Memory Management in Java
In Java, memory management is the process of allocation and de-allocation of objects, called Memory management. Java does memory management automatically. Java uses an automatic memory management system called a garbage collector. Thus, we are not required to implement memory management logic in our application. Java memory management divides into two major parts:
JVM Memory Structure
JVM creates various run time data areas in a heap. These areas are used during the program execution. The memory areas are destroyed when JVM exits, whereas the data areas are destroyed when the thread exits.
Method Area is a part of the heap memory which is shared among all the threads. It creates when the JVM starts up. It is used to store class structure, superclass name, interface name, and constructors. The JVM stores the following kinds of information in the method area:
Heap stores the actual objects. It creates when the JVM starts up. The user can control the heap if needed. It can be of fixed or dynamic size. When you use a new keyword, the JVM creates an instance for the object in a heap. While the reference of that object stores in the stack. There exists only one heap for each running JVM process. When heap becomes full, the garbage is collected. For example:
The above statement creates an object of the StringBuilder class. The object allocates to the heap, and the reference sb allocates to stack. Heap is divided into the following parts:
There are four types of references: Strong, Weak, Soft, and Phantom reference. The difference among the types of references is that the objects on the heap they refer to are eligible for garbage collecting under the different criteria.
Strong reference: It is very simple as we use it in our daily programming. Any object which has Strong reference attached to it is not eligible for garbage collection. We can create a strong reference by using the following statement:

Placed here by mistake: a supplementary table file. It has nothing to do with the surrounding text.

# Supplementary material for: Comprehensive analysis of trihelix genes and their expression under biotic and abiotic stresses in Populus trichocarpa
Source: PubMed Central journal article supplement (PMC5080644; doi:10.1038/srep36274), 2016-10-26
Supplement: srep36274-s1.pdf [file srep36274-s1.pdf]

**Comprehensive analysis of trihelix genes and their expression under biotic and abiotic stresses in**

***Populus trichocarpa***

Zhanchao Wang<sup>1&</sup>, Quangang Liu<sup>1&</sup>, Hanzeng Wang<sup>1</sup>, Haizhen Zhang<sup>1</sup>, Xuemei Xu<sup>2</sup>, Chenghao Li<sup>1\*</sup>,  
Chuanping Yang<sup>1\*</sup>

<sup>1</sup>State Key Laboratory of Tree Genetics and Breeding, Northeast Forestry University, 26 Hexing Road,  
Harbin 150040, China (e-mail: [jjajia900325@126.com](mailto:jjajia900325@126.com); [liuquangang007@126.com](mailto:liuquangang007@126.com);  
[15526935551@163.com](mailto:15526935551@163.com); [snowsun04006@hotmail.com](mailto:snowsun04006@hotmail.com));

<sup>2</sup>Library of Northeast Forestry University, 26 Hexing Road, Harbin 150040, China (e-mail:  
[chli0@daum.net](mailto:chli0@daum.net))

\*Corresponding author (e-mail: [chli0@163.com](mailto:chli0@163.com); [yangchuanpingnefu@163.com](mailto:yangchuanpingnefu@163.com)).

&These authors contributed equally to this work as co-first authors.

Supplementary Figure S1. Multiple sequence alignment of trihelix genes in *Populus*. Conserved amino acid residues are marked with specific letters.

Weak Reference: It does not survive after the next garbage collection process. If we are not sure when the data will be requested again. In this condition, we can create a weak reference to it. In case, if the garbage collector processes, it destroys the object. When we again try to retrieve that object, we get a null value. It is defined in java.lang.ref.WeakReference class. We can create a weak reference by using the following statement:
Soft Reference: It is collected when the application is running low on memory. The garbage collector does not collect the softly reachable objects. All soft referenced object s are collected before it throws an OutOfMemoryError. We can create a soft reference by using the following statement:
Phantom Reference: It is available in java.lang.ref package. It is defined in java.lang.ref.PhantomReference class. The object which has only phantom reference pointing them can be collected whenever garbage collector wants to collect. We can create a phantom reference by using the following statement:
Stack Area generates when a thread creates. It can be of either fixed or dynamic size. The stack memory is allocated per thread. It is used to store data and partial results. It contains references to heap objects. It also holds the value itself rather than a reference to an object from the heap. The variables which are stored in the stack have certain visibility, called scope.
Stack Frame: Stack frame is a data structure that contains the thread?s data. Thread data represents the state of the thread in the current method.
Native Method Stack
It is also known as C stack. It is a stack for native code written in a language other than Java. Java Native Interface (JNI) calls the native stack. The performance of the native stack depends on the OS.
Each thread has a Program Counter (PC) register associated with it. PC register stores the return address or a native pointer. It also contains the address of the JVM instructions currently being executed.